Communications satellite company Inmarsat has received the all clear from UK telecoms regulator Ofcom to build ground based stations.
This seems to have been a necessary extra permission needed for Inmarsat to include the UK in its European Aviation Network, on top of the license to provide mobile satellite services over the 2 GHz frequency band, which was granted by both the European Commission and Ofcom back in 2009.
The need for CGCs (complementary ground components) is illustrated below by a diagram taken from Ofcom’s official document on the matter.
The use of the 2 GHz license for aeronautical, as opposed to terrestrial, coverage is contentious. Inmarsat competitor ViaSat, which presumably doesn’t hold such a license, is especially unhappy about it, arguing that the aeronautical use-case wasn’t on the table when the band was auctioned. The implication is that ViaSat would have had more of a go at getting some 2 GHz action if it had known this would be allowed.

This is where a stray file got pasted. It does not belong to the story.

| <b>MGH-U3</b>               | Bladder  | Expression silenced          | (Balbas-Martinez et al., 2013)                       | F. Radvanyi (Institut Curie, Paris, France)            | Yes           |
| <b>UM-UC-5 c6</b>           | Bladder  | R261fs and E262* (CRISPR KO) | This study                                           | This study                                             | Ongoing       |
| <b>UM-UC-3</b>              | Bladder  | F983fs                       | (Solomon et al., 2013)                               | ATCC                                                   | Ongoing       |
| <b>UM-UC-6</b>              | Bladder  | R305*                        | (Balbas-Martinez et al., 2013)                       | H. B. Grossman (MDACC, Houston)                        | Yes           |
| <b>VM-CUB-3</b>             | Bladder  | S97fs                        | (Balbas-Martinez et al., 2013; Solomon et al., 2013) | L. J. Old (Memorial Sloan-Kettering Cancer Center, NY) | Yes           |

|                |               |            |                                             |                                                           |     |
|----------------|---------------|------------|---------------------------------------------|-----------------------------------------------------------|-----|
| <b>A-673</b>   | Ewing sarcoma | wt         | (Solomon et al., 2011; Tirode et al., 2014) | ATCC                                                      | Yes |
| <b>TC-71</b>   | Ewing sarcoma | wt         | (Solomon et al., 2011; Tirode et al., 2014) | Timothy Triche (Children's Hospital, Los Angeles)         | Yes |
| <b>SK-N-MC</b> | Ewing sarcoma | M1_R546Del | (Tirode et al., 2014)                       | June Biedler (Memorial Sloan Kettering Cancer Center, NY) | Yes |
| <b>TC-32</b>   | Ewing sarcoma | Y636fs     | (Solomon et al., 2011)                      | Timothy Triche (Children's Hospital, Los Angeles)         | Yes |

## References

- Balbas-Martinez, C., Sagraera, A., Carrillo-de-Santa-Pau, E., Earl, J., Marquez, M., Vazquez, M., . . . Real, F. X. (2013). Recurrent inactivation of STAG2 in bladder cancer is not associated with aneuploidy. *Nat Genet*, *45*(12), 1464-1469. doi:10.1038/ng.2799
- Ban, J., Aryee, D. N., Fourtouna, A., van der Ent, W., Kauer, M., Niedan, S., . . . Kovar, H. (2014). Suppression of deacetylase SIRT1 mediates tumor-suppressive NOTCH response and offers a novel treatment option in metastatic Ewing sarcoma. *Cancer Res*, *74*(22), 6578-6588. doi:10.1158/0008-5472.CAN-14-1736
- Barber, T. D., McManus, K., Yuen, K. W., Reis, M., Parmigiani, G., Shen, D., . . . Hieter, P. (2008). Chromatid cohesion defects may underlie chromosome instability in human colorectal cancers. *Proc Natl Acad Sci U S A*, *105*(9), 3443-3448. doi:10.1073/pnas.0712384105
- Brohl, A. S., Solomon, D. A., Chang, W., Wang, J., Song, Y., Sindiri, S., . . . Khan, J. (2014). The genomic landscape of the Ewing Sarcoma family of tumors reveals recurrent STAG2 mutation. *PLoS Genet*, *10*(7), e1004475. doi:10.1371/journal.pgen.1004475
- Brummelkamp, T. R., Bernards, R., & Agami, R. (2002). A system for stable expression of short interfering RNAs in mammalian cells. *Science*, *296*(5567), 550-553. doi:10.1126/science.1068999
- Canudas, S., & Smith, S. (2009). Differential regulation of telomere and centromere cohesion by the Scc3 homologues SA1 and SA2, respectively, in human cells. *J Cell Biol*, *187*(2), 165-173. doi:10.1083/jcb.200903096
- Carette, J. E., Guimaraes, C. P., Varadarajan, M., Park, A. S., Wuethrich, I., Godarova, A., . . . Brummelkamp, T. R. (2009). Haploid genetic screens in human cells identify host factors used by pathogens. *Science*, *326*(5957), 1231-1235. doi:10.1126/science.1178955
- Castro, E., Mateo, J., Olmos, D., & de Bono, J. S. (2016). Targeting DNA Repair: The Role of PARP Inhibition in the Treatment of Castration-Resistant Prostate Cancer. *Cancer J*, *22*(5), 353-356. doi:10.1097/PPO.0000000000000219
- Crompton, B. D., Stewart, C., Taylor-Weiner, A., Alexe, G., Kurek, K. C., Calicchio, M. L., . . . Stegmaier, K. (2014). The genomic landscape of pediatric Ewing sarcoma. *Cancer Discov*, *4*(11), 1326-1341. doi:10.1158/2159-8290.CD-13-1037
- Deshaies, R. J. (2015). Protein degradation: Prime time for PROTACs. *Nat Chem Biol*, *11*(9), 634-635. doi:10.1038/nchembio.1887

We have some sympathy with ViaSat if that is how the auction process played out. Regulation can have a very profound influence on the fortunes of a telco and if in-flight connectivity turns out to be a big deal then those excluded from it are entitled to feel hardly done by. But with regional regulators like Ofcom giving it the all-clear it seems to be a done deal.